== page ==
Now I’m going to go ahead and talk about stimulus response here. So we’re going to go through some very key sport science about reaction times and stimulus identification in someone like that so that I can talk about how maybe the staff are missing the stimuli which would allow them to use breakaway techniques. So the basics of motor performance here are encompassed in this stimulus response model which has been around for an awful long time. In essence, it says that your reaction time in any given situation to produce a skill will be made up of three different phases. First phase is when your body mind system has to identify the stimulus. It has to pattern match to figure out what exactly is happening. It then goes into phase two, which is to choose the appropriate response (read as breakaway techniques) to that particular stimulus. And as we may see, the more responses you’re programmed in, the longer it may take your body mind system to actually select one from the range.
Once the appropriate response (or breakaway techniques) has been chosen, then your body mind system has to actually get into action to deploy that response. And all three of those phases when you put them together, we call that your reaction time. Obviously when we look at physical protection, self protection systems, we want systems that will have the smallest reaction time possible. So let’s just start in talking about identifying the stimulus. What exactly is the stimulus we want our staff to recognize in order for them to perform a breakaway skill effectively? And the fact is, when we look at the various studies that are out there, the overwhelming majority of them show that healthcare staff in these kinds of situations are attacked by kinetic assaults. What I mean by that is that they’re being hit, struck, or punched, and at times they’re being kicked, but mostly they’re being slapped or punched in these situations. This has huge implications for breakaway techniques training for healthcare.
The wrist fixation
So in all the studies, the same result was born out that roughly half of the time, sometimes more than half of the time, staff were being hit or punched. Now the incredible thing for me to discover when I went around and asked various training bodies about that, is we found that even though this is quite a well established idea and a fact that hitting and slapping and kicking and punching are the main ways that people are attacked, we still find that an overwhelming majority of breakaway techniques packages focus on wrist grabs, clothing grabs, arm grabs, and so on. And personally, I think that’s a throwback to some traditional martial arts models of training which maybe we won’t get into with you just now, we may revisit that in the future, but certainly here’s the thing, if we’re not teaching the staff how to identify the correct stimulus, the one they’re most likely to face in reality, then their stimulus identification is going to be poor.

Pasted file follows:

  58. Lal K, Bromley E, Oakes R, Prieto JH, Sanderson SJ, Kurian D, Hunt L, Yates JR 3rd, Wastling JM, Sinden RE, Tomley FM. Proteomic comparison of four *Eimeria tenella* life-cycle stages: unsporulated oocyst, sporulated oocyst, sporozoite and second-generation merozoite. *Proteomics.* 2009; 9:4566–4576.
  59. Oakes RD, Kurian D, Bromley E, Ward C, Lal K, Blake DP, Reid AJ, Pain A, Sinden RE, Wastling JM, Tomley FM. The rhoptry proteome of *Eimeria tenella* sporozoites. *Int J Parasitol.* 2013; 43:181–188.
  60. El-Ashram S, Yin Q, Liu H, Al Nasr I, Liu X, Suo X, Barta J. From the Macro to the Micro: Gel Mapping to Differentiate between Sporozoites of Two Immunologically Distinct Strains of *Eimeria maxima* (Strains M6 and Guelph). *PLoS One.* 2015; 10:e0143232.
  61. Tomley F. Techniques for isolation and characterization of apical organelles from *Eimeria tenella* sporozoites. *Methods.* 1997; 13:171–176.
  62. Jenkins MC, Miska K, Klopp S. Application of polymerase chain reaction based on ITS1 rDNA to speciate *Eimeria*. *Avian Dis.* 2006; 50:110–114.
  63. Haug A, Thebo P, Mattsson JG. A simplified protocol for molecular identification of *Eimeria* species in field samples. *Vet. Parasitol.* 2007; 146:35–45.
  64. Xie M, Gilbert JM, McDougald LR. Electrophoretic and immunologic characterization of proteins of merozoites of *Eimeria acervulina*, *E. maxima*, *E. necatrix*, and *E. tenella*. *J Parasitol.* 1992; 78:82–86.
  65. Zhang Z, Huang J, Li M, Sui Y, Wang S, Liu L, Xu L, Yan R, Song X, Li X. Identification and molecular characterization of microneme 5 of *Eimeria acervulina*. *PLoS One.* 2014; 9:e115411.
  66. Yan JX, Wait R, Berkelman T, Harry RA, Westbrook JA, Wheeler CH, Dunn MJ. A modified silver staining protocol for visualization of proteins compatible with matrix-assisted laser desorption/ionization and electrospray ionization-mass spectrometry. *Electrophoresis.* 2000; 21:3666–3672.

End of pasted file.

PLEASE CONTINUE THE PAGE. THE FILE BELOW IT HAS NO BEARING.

That will definitely negatively affect their choosing of the appropriate response to that. And then when they deploy a response, the quality of it won’t be so great. So if we just look back at the stimulus response model, we may be failing staff if we’re not addressing the correct stimuli. So that’s a really key idea, and I’ll return to it in part three of my talk. But I want to thank you for your time today. It’s been really useful to be able to get these ideas out into the public domain. And I hope that you’ll come back and look at part three of this talk when we get that ready for you in just a few days’ time. Thanks again.
Dynamis Training is a leading provider of advice and effective in-person training courses in personal safety, self-protection and breakaway skills which are easily learned and which can be retained well over time. Because of our unique coaching methodology and the time and thought we have devoted to what YOUR staff need to know to be able to disengage effectively from a violent assault, this breakaway training is likely to be the most beneficial type of such training your staff could undergo.
Whether its officer safety, breakaway skills or deescalation you are looking for, Dynamis has a course which can be tailored for your specific environment, the context of your team’s encounters and the risks you need to address.